Shafia canal deaths case in hands of jury

The fate of three Montrealers accused of killing four family members is now in the hands of the jury after the trial judge finished giving his instructions on Friday.

Second-degree murder verdict possible, judge says

Mohammad Shafia, 58, Hamed Shafia, 21, and Tooba Yahya, 42, are accused of first-degree murder in the deaths of three sisters and Mohammad Shafia's first wife in a polygamous marriage. (Lars Hagberg/Canadian Press)

The fate of three Montrealers accused of killing four family members is now in the hands of the jury after the trial judge finished giving his instructions on Friday.

The jury is set to begin its deliberations on Saturday at 10 a.m. ET.

Mohammad Shafia, 59, Tooba Yahya, 42, and Hamed Shafia, 21, are each charged with four counts of first-degree murder in the deaths of four family members. They have all pleaded not guilty to the charge.

The three Shafia sisters — Zainab, 19, Sahar, 17, and Geeti Shafia, 13 — and Rona Amir, Mohammad Shafia's first wife in a polygamous marriage, were found drowned in a Nissan submerged in the Kingston Mills lock in eastern Ontario in June 2009.

In his 200-page charge to the jury, Judge Robert Maranger said jurors can deliver a verdict of second-degree murder against some or all of the three accused. The lesser charge doesn't require the same proof of planning and premeditation.

In the case of first-degree, Maranger told jury members in Kingston, Ont., that they must be satisfied beyond a reasonable doubt that the accused killed the four victims and that the killings were planned and deliberate, he said.

"A planned murder is one that is committed as result as of the scheme or plan that has been previously formulated or designed," he said.

For each of the accused, he told the jury, the verdicts available to them are first-degree murder or second-degree murder. He reminded the jury that the accused do not have to prove their account of events. The burden of proof falls on the Crown.

Aiding and abetting

Maranger also instructed the jury on the aspect of aiding and abetting. In Canadian law, a defendant can be found guilty of an offence if the Crown proves, beyond a reasonable doubt, that a person either assisted in the commission of an offence by the principal offender or encouraged a principal offender to commit an offence.

The Crown does not have to prove both, the judge told the jury. 

"Please remember the question for you to decide is what the accused actually intended," he said. "If you are left with a reasonable doubt whether the accused had intent to aid or abet, you'd find the accused not guilty."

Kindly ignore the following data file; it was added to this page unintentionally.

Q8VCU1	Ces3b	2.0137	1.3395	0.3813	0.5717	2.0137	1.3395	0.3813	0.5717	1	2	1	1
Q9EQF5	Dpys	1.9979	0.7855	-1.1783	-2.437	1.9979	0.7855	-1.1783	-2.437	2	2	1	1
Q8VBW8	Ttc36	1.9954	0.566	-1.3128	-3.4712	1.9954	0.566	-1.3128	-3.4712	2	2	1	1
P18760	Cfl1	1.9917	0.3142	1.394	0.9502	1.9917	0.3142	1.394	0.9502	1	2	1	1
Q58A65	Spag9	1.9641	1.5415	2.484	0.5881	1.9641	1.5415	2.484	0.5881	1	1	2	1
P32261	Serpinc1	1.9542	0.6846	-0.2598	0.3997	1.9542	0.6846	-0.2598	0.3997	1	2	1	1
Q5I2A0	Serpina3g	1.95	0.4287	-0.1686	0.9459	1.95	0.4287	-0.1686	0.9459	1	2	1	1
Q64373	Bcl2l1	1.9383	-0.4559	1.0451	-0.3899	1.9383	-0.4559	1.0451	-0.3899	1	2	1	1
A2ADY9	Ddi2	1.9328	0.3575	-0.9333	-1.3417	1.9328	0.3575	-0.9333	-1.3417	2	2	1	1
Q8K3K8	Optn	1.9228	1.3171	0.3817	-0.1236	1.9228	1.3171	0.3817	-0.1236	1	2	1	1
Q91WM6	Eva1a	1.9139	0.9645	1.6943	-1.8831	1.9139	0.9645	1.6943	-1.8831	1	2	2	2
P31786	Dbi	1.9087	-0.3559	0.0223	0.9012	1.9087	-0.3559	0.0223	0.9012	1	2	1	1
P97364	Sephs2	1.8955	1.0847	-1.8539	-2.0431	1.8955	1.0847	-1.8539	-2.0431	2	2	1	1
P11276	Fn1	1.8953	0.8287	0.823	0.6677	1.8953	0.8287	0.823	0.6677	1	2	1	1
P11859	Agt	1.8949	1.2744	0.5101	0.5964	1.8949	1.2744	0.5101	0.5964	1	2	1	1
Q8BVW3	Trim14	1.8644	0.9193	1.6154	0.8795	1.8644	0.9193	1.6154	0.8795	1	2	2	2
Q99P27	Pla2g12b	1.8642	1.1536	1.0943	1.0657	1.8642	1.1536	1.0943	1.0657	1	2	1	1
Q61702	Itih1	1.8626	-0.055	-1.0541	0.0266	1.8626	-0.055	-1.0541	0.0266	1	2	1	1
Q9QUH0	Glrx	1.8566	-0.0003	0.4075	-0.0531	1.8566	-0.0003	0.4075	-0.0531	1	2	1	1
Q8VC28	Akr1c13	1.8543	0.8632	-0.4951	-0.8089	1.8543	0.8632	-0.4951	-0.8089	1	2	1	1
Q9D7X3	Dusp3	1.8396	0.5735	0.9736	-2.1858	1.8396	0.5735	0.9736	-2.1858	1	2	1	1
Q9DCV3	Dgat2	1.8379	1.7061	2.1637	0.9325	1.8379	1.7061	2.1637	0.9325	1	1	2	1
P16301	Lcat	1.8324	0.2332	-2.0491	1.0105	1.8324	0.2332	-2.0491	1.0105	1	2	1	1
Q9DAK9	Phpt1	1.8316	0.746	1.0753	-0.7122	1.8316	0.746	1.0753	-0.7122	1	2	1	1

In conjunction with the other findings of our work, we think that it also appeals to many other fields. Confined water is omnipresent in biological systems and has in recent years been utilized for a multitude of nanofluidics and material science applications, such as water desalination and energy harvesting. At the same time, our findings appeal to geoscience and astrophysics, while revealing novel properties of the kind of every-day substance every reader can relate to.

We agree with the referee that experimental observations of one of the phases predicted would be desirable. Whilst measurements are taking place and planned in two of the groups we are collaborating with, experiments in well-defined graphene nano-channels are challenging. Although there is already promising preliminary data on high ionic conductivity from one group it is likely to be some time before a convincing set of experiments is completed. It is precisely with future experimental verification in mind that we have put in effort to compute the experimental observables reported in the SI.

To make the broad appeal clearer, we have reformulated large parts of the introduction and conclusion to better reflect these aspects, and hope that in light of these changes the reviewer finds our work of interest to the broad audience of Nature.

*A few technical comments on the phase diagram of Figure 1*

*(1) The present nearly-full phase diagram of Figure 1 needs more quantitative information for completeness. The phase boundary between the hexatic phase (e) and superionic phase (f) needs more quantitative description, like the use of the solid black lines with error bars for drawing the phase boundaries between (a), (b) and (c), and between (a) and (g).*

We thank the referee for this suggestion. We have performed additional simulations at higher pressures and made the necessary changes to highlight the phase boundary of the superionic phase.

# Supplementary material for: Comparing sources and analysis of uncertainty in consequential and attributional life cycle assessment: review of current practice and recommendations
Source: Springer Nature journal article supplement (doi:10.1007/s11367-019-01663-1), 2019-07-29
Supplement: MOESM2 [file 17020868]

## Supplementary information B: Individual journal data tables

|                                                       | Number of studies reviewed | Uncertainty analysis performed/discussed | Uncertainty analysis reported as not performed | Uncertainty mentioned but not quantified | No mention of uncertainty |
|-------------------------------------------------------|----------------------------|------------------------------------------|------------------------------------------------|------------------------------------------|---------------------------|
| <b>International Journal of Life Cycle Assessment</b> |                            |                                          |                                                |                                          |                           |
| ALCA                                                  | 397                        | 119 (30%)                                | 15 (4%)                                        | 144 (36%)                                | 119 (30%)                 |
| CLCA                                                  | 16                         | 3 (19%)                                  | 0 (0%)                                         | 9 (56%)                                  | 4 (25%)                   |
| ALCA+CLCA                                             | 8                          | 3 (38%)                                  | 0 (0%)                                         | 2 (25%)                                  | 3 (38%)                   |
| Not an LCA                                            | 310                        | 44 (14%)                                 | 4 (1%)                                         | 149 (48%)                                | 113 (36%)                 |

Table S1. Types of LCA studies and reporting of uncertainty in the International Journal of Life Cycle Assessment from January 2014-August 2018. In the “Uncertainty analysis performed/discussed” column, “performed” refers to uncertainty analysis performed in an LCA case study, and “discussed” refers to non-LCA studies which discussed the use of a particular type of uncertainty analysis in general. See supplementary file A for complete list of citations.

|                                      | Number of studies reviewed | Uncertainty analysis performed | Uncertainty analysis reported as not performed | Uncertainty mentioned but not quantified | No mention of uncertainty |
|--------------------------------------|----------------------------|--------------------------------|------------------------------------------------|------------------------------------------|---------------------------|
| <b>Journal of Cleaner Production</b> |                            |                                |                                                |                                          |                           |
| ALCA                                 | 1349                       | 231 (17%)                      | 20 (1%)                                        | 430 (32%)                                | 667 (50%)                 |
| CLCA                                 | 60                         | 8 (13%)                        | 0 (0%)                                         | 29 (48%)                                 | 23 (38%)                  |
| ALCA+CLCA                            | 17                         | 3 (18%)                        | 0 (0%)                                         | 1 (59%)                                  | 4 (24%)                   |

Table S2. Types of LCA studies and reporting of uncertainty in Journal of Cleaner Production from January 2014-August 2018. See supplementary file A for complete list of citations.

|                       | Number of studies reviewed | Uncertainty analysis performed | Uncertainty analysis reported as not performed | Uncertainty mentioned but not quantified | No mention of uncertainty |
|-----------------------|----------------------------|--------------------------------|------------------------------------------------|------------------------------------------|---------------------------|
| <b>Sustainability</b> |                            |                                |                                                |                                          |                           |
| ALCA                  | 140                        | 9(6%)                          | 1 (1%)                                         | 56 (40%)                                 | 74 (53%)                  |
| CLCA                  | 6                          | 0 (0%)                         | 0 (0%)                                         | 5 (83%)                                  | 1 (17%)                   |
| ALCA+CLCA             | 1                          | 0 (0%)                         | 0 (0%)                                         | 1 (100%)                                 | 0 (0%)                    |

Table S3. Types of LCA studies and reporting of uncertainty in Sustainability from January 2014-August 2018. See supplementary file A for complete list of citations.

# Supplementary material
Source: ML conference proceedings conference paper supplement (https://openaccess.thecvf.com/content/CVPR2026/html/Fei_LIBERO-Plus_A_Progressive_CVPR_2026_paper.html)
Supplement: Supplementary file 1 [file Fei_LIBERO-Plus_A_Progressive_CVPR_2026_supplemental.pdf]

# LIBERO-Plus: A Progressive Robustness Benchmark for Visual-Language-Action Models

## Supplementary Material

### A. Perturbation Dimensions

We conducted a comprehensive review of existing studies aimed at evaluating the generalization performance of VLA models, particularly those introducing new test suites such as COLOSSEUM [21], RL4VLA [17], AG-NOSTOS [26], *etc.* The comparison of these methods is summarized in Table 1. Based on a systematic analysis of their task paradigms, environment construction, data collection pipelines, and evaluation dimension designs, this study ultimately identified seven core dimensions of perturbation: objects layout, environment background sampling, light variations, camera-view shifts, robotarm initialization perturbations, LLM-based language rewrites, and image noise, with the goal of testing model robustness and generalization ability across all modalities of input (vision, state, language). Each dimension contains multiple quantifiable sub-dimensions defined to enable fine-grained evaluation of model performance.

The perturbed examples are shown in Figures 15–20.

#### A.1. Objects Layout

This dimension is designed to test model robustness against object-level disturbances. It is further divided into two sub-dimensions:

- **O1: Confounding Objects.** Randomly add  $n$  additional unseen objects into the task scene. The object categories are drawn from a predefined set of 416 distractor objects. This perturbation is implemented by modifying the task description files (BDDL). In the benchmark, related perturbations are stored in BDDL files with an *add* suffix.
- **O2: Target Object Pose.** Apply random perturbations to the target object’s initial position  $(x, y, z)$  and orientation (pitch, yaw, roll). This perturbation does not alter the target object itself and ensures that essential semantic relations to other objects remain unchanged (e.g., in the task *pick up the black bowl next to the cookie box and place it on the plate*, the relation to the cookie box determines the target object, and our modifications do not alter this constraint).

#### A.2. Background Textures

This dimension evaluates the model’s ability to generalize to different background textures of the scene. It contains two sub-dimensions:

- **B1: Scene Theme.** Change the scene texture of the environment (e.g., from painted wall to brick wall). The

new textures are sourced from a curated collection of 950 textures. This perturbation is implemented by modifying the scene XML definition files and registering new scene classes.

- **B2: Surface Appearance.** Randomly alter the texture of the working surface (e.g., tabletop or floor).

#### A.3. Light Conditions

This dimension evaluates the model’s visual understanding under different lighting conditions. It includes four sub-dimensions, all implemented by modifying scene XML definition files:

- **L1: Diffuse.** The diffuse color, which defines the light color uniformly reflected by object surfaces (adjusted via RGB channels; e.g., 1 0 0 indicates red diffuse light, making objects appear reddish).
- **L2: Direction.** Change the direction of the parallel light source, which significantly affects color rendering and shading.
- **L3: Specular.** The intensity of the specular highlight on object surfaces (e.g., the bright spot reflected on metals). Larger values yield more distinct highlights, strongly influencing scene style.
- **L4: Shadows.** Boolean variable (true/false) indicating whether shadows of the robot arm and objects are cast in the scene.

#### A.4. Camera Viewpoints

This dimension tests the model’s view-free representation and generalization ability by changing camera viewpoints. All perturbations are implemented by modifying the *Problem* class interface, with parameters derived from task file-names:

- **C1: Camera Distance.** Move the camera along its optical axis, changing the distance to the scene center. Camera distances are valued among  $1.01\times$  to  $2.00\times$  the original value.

Earlier, Maranger said prosecution would face a near impossible task to prove with absolute certainty every element of their case.

Their responsibility is to find proof beyond a reasonable doubt, Maranger told the jury.

Maranger asked them to carefully consider the evidence presented before them during the extensive four-month trial and cautioned them that their responsibility is significant. They are expected to begin deliberations today after more than four months of witnesses, arguments and evidence.

Throughout the trial, the defence maintained the deaths were an accident — the result of a joyride with an inexperienced driver at the wheel. 

Courtroom full throughout trial

However, the prosecution countered that the deaths were cold and deliberate murder — planned, deliberated, executed and covered up equally by each of the accused.

The motive, the Crown asserted, was the restoration of the family's honour, tainted by the behaviour of the victims and alleged betrayals.

The court has heard testimony from teachers, social workers, technological experts, police, medical professionals, family members and two of the accused themselves in 40 days of court proceedings.

The trial has garnered significant attention as well, drawing media from across Ontario and Quebec and a mass of spectators who would line up early in the morning for a seat in the 150-person courtroom.

On more than one day, people were turned away because the room was at capacity.